In our focus groups, adult participants with diabetes spontaneously discussed family member support when asked about their daily self-care regimens, underlining the influence of family support on diabetes self-care behaviors (15). On the basis of these in vivo findings, we used a mixed-methods approach with the same dataset to develop an understanding of the role of family support in the performance of self-care behaviors in general, and medication adherence specifically. Our objectives were to 1) explore the relationship between family members’ support and participants’ medication adherence and 2) expand the knowledge of what should be included in family-based interventions for adults with diabetes.
RESEARCH DESIGN AND METHODS
Participants and recruitment
Focus groups were conducted as a part of a larger project studying barriers and facilitators of diabetes medication adherence and the use of technology to manage diabetes and medication regimens. From June to December 2010, we recruited English-speaking adults diagnosed with type 2 diabetes who were prescribed glucose-lowering diabetes medications. Research assistants approached participants in clinic waiting rooms and responded to inquiries about the study from fliers or listserv announcements.
Of those eligible who consented to participate (N = 75), 61% (n = 45) attended a focus group session that included a discussion, survey, refreshments, and $40 compensation. All enrolled participants who did not attend a focus group were invited to complete the survey by phone and/or mail and received $20 compensation. Sixteen additional participants completed the survey, providing quantitative data for n = 61. The Vanderbilt University Medical Center Institutional Review Board approved all procedures prior to participant enrollment.
Data and procedure
We conducted 11 focus groups with two to six participants, a trained facilitator (L.S.M. or C.Y.O.), and a trained note taker. Each focus group included an ∼60-min discussion and ∼20–30-min survey. Consistent with the parent study protocol, focus group questions pertained to barriers and facilitators of medication adherence, experiences with and attitudes toward using health information technology to manage diabetes and medication regimens, and ideas for leveraging technology to improve diabetes self-care. Focus group sessions were stratified by participants’ self-reported frequency of health information technology use to facilitate discussion specific to the parent study research questions (15). Thus, we did not have a priori questions about the role of family members in participants’ self-care behaviors. Rather, participants interjected this information into the larger discussion. All sessions were emergent, semistructured, and allowed the facilitator to adapt questions to participants’ experiences. Discussions were audiotaped and transcribed verbatim.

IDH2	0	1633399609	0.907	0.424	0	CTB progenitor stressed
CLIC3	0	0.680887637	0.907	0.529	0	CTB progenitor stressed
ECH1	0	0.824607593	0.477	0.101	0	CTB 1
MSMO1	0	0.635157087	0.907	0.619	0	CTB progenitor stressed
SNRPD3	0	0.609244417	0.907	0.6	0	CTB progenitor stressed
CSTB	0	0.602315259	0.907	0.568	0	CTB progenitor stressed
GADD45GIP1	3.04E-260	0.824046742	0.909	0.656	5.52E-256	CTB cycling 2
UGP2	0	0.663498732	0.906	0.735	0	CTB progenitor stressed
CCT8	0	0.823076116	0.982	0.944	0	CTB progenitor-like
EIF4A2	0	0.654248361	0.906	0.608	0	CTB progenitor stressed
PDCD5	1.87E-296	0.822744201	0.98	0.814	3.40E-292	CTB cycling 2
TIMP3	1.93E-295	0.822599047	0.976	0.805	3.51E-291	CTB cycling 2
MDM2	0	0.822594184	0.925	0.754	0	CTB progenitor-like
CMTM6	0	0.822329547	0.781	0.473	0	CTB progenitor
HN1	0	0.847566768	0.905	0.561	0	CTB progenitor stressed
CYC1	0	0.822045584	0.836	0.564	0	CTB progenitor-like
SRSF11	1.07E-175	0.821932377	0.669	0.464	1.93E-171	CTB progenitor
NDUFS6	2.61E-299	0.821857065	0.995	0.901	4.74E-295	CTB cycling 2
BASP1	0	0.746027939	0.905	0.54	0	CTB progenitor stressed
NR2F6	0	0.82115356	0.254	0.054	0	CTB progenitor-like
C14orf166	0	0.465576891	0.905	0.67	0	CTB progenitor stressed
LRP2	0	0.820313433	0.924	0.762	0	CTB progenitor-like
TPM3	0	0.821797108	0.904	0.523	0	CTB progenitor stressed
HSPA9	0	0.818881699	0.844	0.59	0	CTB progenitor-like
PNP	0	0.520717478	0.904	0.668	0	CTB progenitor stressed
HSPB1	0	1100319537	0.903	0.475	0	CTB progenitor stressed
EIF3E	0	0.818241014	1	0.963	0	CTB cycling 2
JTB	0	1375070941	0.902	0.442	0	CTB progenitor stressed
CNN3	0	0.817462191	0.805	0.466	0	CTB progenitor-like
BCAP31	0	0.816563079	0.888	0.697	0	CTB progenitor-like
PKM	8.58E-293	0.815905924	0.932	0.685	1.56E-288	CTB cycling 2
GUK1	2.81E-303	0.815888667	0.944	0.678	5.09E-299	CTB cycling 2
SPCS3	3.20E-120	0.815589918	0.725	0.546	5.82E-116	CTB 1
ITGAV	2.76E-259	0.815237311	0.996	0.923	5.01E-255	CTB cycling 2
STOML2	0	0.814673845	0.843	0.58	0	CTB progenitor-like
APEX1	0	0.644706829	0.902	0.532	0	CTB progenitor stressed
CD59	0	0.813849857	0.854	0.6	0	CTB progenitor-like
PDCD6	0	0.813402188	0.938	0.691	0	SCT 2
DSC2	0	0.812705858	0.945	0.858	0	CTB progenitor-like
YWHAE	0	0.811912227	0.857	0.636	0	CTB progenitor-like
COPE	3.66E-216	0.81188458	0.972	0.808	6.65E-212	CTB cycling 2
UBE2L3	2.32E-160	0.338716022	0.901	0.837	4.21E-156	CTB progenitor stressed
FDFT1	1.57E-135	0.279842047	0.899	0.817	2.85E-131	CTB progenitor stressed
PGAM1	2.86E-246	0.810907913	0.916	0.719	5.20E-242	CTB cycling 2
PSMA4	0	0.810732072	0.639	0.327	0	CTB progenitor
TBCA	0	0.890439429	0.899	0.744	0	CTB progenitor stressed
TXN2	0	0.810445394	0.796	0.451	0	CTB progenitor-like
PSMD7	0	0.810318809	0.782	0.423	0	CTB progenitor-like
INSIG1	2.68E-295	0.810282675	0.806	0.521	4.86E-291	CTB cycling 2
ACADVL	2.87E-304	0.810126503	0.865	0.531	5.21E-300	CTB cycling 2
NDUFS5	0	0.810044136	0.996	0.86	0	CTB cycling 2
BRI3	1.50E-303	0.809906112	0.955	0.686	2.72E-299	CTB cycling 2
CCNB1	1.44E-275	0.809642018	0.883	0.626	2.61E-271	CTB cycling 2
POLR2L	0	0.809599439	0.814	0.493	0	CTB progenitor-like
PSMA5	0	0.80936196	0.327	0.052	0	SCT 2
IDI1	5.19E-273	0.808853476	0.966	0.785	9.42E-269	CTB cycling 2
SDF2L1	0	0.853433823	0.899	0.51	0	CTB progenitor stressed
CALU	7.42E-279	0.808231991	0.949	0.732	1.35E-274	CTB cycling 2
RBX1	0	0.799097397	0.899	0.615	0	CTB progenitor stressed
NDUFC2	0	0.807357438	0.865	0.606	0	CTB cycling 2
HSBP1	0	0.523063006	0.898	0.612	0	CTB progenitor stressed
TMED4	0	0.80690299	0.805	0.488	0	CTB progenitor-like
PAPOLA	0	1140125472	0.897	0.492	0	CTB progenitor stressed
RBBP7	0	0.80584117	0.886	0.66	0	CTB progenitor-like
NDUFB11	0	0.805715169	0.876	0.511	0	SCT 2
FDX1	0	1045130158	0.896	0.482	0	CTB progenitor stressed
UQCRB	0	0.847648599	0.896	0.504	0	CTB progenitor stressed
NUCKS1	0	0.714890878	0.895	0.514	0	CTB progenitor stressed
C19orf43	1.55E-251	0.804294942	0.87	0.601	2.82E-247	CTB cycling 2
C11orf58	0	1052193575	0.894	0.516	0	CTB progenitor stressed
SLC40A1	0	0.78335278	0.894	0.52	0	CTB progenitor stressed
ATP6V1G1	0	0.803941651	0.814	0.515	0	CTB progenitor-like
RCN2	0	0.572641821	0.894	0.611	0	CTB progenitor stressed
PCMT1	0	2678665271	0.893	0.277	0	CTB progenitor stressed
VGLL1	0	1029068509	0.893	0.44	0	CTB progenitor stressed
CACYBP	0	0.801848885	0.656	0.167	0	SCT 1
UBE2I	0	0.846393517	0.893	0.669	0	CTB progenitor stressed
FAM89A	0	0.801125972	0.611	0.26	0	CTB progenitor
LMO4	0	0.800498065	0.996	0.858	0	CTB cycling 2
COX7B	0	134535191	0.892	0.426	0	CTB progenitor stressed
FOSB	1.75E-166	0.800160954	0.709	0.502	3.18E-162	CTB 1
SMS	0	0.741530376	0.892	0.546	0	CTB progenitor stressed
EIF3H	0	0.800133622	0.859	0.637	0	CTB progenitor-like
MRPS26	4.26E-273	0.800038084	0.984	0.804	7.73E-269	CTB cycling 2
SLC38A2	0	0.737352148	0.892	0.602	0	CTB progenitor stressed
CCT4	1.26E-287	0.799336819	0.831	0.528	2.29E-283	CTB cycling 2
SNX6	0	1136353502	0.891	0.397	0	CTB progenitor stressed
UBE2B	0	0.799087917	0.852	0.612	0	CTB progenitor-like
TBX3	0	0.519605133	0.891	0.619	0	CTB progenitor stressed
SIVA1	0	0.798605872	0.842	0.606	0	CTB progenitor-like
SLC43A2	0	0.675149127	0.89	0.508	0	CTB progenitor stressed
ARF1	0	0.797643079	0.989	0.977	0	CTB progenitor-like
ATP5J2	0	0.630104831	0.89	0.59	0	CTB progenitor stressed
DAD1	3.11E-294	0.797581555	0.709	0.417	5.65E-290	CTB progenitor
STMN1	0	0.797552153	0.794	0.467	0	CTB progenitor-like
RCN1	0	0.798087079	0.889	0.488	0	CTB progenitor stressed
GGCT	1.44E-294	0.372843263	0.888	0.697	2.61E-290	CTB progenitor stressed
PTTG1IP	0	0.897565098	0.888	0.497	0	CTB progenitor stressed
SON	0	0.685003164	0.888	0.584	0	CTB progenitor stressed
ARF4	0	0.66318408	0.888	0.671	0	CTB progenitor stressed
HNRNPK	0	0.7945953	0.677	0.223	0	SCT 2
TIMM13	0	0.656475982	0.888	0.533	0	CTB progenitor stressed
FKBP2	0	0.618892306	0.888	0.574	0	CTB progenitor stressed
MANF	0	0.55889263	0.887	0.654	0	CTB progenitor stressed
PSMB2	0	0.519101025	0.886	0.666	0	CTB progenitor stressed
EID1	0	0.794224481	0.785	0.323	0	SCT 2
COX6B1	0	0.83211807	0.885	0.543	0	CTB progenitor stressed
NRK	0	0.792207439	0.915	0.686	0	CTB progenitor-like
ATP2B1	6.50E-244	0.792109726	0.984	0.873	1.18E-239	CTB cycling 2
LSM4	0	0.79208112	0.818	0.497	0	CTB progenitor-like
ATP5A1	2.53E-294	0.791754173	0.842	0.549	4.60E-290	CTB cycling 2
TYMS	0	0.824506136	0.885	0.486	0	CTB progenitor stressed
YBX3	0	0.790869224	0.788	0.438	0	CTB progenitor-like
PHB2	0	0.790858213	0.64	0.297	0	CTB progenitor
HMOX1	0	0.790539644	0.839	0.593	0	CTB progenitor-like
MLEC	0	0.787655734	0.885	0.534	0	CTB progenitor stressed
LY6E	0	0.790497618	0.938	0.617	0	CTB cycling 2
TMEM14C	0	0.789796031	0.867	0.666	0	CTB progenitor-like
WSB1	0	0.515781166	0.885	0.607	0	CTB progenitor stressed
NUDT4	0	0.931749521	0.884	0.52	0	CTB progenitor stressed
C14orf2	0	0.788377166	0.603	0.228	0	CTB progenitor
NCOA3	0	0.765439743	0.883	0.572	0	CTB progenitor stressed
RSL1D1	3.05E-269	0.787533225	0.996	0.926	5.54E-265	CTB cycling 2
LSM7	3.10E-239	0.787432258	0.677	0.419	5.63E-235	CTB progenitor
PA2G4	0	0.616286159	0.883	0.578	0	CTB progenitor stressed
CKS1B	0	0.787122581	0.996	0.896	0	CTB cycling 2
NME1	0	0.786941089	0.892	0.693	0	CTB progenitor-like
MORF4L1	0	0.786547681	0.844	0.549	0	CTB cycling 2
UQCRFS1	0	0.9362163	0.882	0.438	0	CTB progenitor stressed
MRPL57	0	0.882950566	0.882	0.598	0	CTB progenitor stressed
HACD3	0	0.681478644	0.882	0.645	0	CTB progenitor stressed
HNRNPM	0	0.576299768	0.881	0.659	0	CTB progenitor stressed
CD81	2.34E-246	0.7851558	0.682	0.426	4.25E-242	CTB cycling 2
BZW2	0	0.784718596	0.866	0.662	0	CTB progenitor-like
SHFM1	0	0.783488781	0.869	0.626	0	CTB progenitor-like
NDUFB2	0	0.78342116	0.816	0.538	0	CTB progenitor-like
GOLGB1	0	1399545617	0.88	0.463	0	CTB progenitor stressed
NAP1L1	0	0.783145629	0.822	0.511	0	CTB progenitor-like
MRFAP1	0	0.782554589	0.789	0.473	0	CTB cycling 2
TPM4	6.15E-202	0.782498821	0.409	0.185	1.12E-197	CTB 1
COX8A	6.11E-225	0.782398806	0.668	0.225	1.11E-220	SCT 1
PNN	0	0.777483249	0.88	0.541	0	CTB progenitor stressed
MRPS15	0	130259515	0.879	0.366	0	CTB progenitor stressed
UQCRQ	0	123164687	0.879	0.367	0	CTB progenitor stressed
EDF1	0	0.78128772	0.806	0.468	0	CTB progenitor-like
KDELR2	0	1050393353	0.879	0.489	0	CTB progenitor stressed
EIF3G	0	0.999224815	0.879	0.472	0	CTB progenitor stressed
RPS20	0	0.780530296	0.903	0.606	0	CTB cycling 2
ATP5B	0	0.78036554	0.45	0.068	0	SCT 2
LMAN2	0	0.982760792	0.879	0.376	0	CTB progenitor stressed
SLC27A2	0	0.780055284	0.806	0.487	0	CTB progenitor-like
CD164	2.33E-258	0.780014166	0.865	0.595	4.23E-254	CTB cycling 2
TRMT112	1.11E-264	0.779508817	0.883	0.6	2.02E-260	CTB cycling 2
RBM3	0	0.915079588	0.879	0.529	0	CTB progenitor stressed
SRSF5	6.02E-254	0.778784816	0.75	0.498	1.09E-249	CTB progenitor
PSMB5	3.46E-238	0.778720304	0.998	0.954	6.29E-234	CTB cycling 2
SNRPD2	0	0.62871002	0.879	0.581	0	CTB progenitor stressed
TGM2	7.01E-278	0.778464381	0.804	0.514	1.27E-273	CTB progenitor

A brief survey collected demographic information, including participants’ age, sex, race/ethnicity, education, household income, and marital status. Participants also reported perceptions of family members’ diabetes self-care knowledge and completed validated measures of perceptions of family members’ diabetes-specific supportive and nonsupportive behaviors and their own adherence to diabetes medications. Family members included any individuals the participant considered part of his/her family, as the survey did not specify a definition of “family.”
Family knowledge about diabetes self-care.
Perceptions of family members’ diabetes self-care knowledge was assessed by asking, “Generally, how much are your family members informed about what diabetes is and what it takes to manage it?” Responses were on a four-point scale, ranging from 1 (not at all) to 4 (a lot).
Family supportive and nonsupportive behaviors.
Perceptions of family members’ diabetes-specific supportive and nonsupportive behaviors were assessed with adapted subscales from the Diabetes Family Behavior Checklist (DFBC) (16,17). Since our sample included participants prescribed oral agents and/or insulin, participants could indicate “not applicable” for insulin-specific items. Therefore, the DFBC for participants prescribed insulin consisted of 16 items, whereas the DFBC for participants prescribed only oral agents consisted of 13 items. Items assessing supportive behaviors included questions such as, “How often do your family members exercise with you?” and “How often do your family members eat at the same time that you do?” Nonsupportive items included questions such as “How often do your family members criticize you for not exercising regularly?” and “How often do your family members argue with you about your diabetes self-care activities?” Responses ranged from 1 (never) to 5 (at least once a day), with higher scores indicating family members perform more supportive or nonsupportive behaviors, respectively. We averaged applicable items for each participant to create supportive and nonsupportive scaled scores. For participants who were prescribed insulin (n = 17), the internal consistency reliability (Cronbach α) of the 16-item DFBC was 0.82 for the supportive subscale and 0.74 for the nonsupportive subscale. For participants only on oral agents (n = 44), the internal consistency reliability of the 13-item DFBC (i.e., three insulin-specific items were removed) was 0.79 for the supportive subscale and 0.73 for the nonsupportive subscale.